Let me preface this by saying that I have thoroughly enjoyed the few books I have read by these two authors (Jefferson Bass is the writing duo of Dr. Bill Bass and Mr. Jon Jefferson). That said, their latest effort, The Bone Yard, seemed less of a forensic mystery and more of an expose into the Florida reform school system of the twentieth century. The teaser at the beginning of the story revolves around a student, Angie St. Claire, of the protagonist, Bill Brockton, who’s investigating the suspicious death of her sister. I truly was snared from the beginning as the information started to flow regarding the death.
Unfortunately, this was merely a lead-in to force Brockton to travel to Florida so as to initiate the true plot. Now, don’t get me wrong, the primary plot has some great points to it and it really does center around real life events. But where most authors would try to tie in the initial sub-plot, this book pretty much benches that concept. The story very quickly shifts to the Florida reform school and all of the irregularities that took place, leaving the reader to wonder why St. Claire seems only slightly bothered by the death of her sister. There are pretty routine entries into the plot by supporting characters that could have used a bit more fleshing out, but truth be told, they probably won’t be seen in any other books in the future. I loved the depth of character given to Brockton, from his impression of local buildings to the details regarding the meals”¦I just kept hoping for more in the way of cast interaction.
Most of the book entails the conversation of the two forensic anthropologists mentioned and one other legal representative who apparently existed in the book merely to enable the other two to describe forensic situations to the reader. A sounding board, of sorts. Several other characters pop in and out of the storyline without leaving much of an impression on the reader. Unfortunately, I think this is what disappointed me most.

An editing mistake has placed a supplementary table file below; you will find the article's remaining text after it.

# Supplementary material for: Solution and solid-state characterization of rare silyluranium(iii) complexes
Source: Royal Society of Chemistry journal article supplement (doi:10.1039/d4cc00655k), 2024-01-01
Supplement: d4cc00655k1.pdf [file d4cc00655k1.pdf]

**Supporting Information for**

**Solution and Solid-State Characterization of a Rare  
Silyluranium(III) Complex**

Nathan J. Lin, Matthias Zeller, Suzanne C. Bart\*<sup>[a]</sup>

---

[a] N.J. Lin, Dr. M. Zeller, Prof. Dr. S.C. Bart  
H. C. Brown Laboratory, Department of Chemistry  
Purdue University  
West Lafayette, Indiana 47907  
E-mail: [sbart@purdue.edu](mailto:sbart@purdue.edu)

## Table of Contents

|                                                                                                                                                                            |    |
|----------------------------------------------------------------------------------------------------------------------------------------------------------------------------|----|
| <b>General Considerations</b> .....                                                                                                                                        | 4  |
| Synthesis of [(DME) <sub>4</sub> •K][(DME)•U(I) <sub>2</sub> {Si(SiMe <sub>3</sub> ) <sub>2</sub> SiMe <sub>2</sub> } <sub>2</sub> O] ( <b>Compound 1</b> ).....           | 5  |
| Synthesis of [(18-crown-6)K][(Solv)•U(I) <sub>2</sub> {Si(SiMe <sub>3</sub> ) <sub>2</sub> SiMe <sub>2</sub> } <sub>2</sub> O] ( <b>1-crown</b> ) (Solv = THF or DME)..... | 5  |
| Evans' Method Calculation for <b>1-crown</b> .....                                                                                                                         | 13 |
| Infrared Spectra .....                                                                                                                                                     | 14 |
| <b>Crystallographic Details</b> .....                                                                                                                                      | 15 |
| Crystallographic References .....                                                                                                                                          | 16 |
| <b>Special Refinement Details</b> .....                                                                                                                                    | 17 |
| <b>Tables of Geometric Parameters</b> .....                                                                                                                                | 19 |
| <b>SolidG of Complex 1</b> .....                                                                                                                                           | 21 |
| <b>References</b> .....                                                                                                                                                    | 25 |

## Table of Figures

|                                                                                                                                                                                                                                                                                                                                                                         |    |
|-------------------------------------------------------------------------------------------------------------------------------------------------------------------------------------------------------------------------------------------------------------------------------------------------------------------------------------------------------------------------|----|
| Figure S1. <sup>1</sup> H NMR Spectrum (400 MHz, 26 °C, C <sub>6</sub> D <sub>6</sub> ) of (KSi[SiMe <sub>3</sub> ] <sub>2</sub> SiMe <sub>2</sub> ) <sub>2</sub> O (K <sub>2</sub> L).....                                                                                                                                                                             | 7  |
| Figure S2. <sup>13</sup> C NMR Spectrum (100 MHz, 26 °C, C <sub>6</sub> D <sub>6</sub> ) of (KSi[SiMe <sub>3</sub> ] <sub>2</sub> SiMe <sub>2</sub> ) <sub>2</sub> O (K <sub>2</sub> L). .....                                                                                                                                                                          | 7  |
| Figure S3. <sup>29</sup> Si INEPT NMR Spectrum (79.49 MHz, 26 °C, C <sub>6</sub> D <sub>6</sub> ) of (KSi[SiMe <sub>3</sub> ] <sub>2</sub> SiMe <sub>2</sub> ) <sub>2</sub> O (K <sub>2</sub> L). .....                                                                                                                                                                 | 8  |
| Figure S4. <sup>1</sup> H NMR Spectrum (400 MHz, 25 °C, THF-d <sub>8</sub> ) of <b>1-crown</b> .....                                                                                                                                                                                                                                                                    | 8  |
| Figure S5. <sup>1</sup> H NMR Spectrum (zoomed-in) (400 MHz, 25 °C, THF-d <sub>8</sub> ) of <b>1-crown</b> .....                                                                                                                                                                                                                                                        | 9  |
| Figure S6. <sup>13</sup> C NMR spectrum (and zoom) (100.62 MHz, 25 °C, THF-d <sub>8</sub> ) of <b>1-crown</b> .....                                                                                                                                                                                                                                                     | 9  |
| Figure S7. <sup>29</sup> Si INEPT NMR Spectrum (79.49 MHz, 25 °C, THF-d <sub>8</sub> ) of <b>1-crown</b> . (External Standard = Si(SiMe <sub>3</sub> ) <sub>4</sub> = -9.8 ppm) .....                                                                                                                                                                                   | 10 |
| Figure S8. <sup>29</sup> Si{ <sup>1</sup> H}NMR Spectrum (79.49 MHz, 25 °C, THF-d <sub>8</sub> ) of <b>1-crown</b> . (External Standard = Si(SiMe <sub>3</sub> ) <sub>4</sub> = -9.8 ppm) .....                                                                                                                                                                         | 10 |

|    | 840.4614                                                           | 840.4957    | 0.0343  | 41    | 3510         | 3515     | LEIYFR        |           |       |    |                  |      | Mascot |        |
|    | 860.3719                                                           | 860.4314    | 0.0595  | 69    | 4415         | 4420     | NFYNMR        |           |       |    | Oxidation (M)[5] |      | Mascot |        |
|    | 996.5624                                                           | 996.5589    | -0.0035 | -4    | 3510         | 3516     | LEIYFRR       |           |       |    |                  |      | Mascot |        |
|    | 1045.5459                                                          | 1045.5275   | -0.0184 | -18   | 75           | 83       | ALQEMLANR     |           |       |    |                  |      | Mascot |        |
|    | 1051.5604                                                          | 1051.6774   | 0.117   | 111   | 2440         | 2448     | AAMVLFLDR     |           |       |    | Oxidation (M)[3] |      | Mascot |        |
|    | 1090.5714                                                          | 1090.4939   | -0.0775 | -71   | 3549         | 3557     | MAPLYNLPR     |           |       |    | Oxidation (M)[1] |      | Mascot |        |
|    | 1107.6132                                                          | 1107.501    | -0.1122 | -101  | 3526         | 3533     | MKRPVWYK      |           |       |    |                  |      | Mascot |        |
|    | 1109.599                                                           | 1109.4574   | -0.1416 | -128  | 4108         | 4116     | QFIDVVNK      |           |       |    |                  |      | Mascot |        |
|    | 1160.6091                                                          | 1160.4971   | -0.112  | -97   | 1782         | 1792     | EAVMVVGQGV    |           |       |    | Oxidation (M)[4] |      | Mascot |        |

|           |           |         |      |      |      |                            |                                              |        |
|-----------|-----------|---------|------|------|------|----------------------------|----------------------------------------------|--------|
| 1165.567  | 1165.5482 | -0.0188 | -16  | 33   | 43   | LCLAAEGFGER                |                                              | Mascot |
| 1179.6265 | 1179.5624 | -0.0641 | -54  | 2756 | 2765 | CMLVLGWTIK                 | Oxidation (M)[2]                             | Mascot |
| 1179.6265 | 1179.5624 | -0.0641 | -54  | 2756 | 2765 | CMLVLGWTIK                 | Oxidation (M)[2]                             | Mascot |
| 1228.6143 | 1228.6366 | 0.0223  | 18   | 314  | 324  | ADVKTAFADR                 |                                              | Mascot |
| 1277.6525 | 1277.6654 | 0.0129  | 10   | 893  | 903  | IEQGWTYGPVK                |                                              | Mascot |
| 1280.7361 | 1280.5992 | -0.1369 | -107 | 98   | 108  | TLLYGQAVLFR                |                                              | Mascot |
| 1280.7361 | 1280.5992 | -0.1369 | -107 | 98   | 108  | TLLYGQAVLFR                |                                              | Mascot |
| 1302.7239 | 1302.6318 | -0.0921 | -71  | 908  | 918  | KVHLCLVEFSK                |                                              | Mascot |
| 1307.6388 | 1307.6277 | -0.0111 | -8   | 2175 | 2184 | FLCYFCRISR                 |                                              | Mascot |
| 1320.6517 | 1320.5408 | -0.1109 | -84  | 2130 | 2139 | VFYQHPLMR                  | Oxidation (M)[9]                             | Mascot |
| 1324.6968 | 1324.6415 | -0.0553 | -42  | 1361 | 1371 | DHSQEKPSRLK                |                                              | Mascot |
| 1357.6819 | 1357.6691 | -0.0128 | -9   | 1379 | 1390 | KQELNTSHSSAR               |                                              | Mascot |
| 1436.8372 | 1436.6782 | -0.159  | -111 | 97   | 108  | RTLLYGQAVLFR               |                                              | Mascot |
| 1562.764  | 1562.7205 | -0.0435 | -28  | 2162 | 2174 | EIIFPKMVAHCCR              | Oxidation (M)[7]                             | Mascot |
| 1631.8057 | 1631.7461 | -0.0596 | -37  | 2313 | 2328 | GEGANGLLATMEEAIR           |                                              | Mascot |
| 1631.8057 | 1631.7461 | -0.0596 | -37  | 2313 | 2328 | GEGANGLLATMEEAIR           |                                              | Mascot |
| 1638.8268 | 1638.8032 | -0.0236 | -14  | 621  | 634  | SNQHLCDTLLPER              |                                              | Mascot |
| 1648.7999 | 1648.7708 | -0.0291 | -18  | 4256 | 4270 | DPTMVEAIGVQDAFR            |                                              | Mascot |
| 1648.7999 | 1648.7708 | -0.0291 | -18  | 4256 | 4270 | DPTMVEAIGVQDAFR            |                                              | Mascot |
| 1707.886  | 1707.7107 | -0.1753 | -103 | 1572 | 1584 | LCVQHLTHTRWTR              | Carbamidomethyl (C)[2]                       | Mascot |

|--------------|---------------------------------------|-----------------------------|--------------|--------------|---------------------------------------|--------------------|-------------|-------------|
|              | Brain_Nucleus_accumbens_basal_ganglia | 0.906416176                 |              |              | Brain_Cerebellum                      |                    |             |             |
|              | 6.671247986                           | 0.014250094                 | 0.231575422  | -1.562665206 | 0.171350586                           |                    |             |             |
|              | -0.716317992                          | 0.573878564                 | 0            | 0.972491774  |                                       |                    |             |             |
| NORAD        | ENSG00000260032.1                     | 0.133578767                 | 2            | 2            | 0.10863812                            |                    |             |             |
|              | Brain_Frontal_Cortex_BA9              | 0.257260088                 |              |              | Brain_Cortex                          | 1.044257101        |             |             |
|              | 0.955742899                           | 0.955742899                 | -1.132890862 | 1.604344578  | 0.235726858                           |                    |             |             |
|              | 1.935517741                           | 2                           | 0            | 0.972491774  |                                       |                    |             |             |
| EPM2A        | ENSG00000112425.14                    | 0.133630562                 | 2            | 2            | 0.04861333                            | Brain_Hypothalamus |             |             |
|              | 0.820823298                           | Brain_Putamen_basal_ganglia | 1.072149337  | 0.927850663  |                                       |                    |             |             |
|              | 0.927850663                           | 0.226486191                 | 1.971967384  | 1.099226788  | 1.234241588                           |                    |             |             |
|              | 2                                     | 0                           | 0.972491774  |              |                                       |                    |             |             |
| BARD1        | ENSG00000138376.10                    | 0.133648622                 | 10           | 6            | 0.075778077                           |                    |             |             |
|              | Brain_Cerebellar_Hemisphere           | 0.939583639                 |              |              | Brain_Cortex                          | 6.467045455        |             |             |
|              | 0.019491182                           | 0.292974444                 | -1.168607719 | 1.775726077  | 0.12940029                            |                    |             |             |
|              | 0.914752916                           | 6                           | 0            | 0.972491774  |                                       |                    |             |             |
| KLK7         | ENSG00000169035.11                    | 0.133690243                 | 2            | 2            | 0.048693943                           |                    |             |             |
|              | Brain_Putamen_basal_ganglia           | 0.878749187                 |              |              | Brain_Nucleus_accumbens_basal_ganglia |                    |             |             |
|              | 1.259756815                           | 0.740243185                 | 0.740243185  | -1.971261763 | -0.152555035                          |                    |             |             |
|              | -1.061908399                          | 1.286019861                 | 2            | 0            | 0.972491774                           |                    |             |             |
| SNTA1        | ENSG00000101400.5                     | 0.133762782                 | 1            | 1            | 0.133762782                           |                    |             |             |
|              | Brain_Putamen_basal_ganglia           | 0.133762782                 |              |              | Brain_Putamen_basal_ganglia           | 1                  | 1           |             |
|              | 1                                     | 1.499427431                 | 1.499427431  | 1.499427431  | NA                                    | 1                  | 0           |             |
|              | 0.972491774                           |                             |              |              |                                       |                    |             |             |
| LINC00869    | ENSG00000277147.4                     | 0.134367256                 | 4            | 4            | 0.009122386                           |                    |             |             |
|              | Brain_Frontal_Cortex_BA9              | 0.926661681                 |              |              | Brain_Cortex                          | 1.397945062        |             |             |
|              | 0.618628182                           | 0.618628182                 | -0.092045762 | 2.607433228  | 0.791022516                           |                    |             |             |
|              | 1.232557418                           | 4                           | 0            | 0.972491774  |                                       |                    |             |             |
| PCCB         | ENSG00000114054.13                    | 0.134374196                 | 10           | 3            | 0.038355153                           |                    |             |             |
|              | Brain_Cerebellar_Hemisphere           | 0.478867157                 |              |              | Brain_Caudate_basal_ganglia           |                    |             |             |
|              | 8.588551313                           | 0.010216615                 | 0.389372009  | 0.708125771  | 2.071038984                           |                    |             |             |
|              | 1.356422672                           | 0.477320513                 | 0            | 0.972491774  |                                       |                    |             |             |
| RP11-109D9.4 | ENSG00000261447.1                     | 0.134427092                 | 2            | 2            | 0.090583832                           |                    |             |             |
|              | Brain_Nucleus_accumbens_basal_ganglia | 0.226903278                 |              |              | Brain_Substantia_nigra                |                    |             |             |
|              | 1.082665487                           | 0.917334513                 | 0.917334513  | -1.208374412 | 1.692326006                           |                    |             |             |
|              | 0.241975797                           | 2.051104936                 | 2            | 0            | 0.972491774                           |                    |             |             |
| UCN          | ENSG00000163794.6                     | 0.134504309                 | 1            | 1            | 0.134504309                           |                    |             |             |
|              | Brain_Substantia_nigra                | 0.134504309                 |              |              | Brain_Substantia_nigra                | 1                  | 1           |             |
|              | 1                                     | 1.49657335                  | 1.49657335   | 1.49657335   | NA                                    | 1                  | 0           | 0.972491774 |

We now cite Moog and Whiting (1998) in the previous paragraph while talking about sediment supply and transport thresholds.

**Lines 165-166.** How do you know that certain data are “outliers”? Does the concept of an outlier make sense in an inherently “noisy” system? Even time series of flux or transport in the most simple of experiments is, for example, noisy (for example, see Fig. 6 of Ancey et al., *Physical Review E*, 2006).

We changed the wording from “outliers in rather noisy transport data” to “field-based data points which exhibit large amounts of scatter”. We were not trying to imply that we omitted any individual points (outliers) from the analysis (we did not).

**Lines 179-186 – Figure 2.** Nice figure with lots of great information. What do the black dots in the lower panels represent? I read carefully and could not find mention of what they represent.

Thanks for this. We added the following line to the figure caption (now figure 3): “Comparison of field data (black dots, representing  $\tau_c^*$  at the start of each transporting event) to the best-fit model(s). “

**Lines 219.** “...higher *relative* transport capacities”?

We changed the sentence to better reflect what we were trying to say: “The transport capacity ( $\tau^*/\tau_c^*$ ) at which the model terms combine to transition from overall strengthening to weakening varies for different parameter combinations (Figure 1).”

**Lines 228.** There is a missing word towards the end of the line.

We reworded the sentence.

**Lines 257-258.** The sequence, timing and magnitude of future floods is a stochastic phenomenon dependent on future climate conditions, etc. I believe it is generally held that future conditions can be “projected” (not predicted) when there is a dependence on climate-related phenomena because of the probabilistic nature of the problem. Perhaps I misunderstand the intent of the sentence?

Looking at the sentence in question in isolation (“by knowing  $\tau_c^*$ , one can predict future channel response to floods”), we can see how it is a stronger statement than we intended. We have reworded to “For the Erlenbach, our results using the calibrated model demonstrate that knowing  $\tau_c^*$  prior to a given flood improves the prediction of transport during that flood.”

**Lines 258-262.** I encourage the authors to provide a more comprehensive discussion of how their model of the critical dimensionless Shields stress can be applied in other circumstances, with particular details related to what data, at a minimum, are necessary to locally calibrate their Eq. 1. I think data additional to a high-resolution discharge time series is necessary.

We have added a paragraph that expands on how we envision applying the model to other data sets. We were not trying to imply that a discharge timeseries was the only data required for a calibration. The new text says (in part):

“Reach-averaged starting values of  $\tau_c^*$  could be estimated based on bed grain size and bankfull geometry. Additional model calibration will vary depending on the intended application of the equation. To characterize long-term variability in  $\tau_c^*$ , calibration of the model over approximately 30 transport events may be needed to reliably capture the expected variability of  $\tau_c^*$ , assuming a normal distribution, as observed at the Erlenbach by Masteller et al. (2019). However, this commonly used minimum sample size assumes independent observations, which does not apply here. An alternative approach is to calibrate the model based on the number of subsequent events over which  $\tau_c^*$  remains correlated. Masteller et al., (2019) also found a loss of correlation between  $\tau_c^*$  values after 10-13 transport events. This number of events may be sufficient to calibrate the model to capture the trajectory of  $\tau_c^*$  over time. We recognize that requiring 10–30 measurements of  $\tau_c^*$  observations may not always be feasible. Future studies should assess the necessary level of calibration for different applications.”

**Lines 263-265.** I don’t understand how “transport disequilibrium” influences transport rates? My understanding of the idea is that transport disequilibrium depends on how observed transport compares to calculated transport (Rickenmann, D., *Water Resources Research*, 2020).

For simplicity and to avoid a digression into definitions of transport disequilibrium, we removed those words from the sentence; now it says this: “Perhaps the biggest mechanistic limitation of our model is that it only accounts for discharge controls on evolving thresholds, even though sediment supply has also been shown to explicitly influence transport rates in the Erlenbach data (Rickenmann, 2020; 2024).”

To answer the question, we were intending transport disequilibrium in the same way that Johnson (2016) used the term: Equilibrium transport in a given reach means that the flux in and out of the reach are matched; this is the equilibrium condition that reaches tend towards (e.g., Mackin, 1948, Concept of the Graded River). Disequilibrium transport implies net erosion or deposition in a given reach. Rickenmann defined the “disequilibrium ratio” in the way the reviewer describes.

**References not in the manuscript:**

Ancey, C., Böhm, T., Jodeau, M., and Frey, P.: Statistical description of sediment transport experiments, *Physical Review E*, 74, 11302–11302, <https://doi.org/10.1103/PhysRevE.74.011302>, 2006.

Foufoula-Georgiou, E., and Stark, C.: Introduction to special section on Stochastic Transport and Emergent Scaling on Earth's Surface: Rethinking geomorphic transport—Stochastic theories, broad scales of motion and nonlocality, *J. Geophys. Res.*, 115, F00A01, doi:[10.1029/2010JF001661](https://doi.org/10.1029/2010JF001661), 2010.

The agenda of the book also is suspect. Whereas I thought I was going to be reading a work of fiction, I instead received a pretty thorough history (semi-factual, it turns out) of how some reform schools mistreated their students. Now don’t get me wrong, this story needed to be told, and has been all over the news the last few years, but I wanted another Body Farm Mystery“¦ not to be beaten in the skull with how horrific this school was to the teenagers in the early to mid twentieth century. I felt somewhat robbed as I wasn’t given the story with which the book teased me. The original sub-plot, the sister’s death, was so trivialized in the book that it seemed an afterthought when you finally get the truth of the matter. It literally takes but a few pages to wrap it all up in a non-committal way. The true story, though, leaves the reader curious for more. And I do like that. So much so that I immediately started researching the history that inspired this writing. I learned a lot and found myself saddened that these things could have happened in a civilized country.
All in all, I would have to say that I like the Body Farm series (of which this is the sixth), but I would be hard pressed to recommend this book to anyone unless I know they are history or forensic fans. I would, however, highly recommend other books by Jefferson Bass. The writing style is usually very personal and inviting.
For those who are disturbed by graphic description of rape and murder, be warned this book occasionally does touch on these subjects.
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